New Study: Cannabis Usage Risks Reduced


In the past cannabis has been the scapegoat of mental health professionals. Much research indicates that use of the plant is responsible for a myriad of mental health problems. However, new research seems to point in a different direction.

“Our findings suggest caution in the implementation of policies related to legalization of cannabis for recreational use,” write the researchers of a new study, “as it may lead to greater availability and acceptance of cannabis, reduced perception of risk of use and increased risk of adverse mental health outcomes, such as substance use disorders.”

The study, which was published in JAMA Psychiatry, indicates that cannabis does not increase users’ risks of developing mood or anxiety disorders, reports The Telegraph.

Short-term paranoia has been indicated in  past research, while another study holds cannabis directly responsible for inducing schizophrenia and other mental health conditions.

The new study represents a survey of approximately 35,000 U.S. adults, who were nationally representative. The researchers gauged their marijuana usage at the outset and then tracked their mental health over the course of three years.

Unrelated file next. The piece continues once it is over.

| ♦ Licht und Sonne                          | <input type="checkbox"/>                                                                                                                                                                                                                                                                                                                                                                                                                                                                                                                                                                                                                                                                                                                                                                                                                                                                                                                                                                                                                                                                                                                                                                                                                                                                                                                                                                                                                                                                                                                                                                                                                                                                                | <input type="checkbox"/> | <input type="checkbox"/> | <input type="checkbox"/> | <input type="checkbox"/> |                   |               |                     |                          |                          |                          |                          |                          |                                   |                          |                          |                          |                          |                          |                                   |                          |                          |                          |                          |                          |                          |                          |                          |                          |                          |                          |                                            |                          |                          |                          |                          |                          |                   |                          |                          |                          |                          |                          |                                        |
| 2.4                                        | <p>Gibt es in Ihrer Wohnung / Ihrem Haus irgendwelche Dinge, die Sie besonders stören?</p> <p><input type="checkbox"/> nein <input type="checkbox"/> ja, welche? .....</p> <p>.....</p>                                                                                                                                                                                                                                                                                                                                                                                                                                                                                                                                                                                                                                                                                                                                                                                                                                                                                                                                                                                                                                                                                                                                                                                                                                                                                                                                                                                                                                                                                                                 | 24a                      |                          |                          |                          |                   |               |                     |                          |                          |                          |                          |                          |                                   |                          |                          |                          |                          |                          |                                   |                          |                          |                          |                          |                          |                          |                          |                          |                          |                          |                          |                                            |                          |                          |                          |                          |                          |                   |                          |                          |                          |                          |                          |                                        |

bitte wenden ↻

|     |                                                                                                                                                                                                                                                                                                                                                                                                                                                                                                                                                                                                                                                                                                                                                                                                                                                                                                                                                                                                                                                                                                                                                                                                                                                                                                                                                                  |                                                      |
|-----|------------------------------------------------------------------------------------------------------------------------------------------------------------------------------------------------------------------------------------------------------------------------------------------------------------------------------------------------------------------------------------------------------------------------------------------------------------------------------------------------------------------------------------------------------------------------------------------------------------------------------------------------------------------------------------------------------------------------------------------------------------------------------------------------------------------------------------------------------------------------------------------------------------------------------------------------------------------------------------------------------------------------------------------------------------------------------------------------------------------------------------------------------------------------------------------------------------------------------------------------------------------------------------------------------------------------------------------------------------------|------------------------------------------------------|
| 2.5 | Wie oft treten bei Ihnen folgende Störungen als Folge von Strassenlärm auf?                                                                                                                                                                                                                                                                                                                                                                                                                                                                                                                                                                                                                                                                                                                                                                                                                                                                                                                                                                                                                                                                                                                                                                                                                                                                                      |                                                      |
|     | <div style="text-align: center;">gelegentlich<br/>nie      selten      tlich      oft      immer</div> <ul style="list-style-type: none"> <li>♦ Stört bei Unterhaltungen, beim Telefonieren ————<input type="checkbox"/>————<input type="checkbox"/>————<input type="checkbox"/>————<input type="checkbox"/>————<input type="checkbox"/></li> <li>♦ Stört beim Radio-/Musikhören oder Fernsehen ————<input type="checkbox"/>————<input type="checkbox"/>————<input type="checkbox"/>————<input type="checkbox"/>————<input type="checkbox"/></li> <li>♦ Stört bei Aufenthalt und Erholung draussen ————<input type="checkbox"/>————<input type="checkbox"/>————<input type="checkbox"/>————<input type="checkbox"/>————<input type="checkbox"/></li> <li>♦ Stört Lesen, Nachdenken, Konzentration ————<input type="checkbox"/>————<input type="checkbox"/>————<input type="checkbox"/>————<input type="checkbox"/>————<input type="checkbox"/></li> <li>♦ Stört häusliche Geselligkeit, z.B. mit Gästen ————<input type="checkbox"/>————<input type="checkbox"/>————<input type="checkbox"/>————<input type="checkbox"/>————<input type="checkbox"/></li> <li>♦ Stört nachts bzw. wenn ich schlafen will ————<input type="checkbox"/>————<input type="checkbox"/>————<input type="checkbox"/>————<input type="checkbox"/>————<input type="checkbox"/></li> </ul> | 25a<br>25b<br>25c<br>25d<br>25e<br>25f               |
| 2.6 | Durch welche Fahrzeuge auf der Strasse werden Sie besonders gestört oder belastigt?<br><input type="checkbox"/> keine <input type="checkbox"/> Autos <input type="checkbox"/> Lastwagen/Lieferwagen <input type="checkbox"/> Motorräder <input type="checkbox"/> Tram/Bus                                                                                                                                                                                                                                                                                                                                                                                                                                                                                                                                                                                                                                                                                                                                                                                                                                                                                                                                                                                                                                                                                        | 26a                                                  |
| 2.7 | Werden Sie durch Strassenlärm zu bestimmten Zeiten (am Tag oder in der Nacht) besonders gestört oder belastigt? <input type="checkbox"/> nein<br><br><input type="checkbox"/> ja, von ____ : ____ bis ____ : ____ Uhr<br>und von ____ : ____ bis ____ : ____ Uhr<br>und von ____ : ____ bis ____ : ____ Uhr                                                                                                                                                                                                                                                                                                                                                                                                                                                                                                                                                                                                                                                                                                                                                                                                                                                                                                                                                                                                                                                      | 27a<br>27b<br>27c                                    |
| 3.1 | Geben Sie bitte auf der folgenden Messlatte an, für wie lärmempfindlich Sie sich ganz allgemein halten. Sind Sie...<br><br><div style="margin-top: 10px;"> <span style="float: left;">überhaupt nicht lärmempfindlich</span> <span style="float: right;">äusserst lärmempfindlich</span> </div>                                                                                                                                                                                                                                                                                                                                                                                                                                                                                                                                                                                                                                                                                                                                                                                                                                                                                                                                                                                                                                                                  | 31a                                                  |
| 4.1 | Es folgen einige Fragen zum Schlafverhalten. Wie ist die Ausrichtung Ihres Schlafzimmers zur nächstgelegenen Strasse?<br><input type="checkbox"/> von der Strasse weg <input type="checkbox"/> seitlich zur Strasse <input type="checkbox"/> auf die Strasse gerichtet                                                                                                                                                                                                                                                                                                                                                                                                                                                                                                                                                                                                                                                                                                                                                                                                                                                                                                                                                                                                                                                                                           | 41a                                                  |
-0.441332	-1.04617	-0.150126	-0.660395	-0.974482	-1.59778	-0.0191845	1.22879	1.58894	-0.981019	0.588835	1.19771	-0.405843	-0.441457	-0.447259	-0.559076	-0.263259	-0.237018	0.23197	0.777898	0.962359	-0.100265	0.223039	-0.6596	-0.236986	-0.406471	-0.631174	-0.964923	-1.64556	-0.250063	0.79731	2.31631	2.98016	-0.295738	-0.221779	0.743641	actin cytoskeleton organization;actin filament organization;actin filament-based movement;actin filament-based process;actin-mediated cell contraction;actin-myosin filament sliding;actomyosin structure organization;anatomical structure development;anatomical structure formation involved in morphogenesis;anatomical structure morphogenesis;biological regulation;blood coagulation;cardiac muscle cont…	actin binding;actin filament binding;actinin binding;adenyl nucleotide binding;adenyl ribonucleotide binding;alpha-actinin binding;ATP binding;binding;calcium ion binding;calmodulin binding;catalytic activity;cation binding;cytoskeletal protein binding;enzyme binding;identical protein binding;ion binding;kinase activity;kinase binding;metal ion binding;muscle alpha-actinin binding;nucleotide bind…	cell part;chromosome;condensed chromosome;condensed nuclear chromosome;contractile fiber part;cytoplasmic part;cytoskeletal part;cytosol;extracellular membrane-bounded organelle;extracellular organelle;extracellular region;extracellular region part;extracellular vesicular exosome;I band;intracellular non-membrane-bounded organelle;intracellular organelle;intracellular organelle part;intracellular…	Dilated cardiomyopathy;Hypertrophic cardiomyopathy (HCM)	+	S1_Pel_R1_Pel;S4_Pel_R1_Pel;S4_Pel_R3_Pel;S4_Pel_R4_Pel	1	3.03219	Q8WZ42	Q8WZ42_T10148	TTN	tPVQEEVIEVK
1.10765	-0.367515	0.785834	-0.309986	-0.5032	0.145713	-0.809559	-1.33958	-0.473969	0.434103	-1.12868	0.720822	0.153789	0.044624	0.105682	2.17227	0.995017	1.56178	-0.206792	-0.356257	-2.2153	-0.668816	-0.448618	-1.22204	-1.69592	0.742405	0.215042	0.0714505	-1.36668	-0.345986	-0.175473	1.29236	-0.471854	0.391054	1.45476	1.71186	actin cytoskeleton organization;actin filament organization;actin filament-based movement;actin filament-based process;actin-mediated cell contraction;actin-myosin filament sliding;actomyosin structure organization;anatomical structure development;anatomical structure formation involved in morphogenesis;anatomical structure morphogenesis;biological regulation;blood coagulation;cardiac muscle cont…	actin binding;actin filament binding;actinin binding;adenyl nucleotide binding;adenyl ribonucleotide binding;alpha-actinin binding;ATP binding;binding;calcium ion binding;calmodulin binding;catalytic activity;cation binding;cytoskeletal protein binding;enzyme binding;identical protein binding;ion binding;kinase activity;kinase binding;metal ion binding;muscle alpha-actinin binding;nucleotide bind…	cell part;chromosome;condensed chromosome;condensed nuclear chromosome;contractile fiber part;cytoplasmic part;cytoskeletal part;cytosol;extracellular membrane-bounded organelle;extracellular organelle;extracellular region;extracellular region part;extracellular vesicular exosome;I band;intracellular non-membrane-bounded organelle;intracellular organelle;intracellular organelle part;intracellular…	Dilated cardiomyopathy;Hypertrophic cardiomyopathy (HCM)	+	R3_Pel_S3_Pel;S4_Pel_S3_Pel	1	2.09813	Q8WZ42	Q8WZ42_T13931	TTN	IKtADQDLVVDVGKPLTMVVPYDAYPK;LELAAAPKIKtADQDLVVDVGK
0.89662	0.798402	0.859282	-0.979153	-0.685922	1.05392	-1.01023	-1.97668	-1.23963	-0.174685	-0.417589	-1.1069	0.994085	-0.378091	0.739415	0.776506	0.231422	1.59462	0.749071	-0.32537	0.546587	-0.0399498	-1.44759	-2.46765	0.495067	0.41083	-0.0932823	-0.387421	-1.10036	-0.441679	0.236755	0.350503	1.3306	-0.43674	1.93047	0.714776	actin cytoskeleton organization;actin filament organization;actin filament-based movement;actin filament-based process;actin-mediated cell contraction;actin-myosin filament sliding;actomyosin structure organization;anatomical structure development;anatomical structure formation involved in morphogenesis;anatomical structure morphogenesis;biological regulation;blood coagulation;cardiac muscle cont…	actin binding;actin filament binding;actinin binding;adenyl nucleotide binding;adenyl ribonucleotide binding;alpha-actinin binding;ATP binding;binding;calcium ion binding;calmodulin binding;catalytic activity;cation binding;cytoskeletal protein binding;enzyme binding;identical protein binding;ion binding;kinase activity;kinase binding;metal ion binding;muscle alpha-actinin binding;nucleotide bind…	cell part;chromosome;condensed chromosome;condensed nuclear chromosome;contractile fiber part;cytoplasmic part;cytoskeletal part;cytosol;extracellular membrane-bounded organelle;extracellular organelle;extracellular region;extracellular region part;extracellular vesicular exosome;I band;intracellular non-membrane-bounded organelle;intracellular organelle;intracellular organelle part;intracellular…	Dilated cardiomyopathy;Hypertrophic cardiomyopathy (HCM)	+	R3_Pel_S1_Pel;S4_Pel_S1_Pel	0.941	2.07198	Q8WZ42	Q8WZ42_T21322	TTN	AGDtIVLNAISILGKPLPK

After the findings were adjusted for several covariates, researchers found “cannabis use was not associated with increased risk for developing mood or anxiety disorders.”

While much about the research was positive, a few drawbacks remain.  According to the study, cannabis use “significantly increased risk for developing alcohol, cannabis and other drug use disorders.” Nicotine dependence was noted as a drawback as well. The research indicated that people who reported cannabis use were nearly three times more likely to have alcohol or other drug use disorders and nearly twice as likely to be nicotine dependent.

The staff byline designates content that has been written by a staff writer of MJINews.

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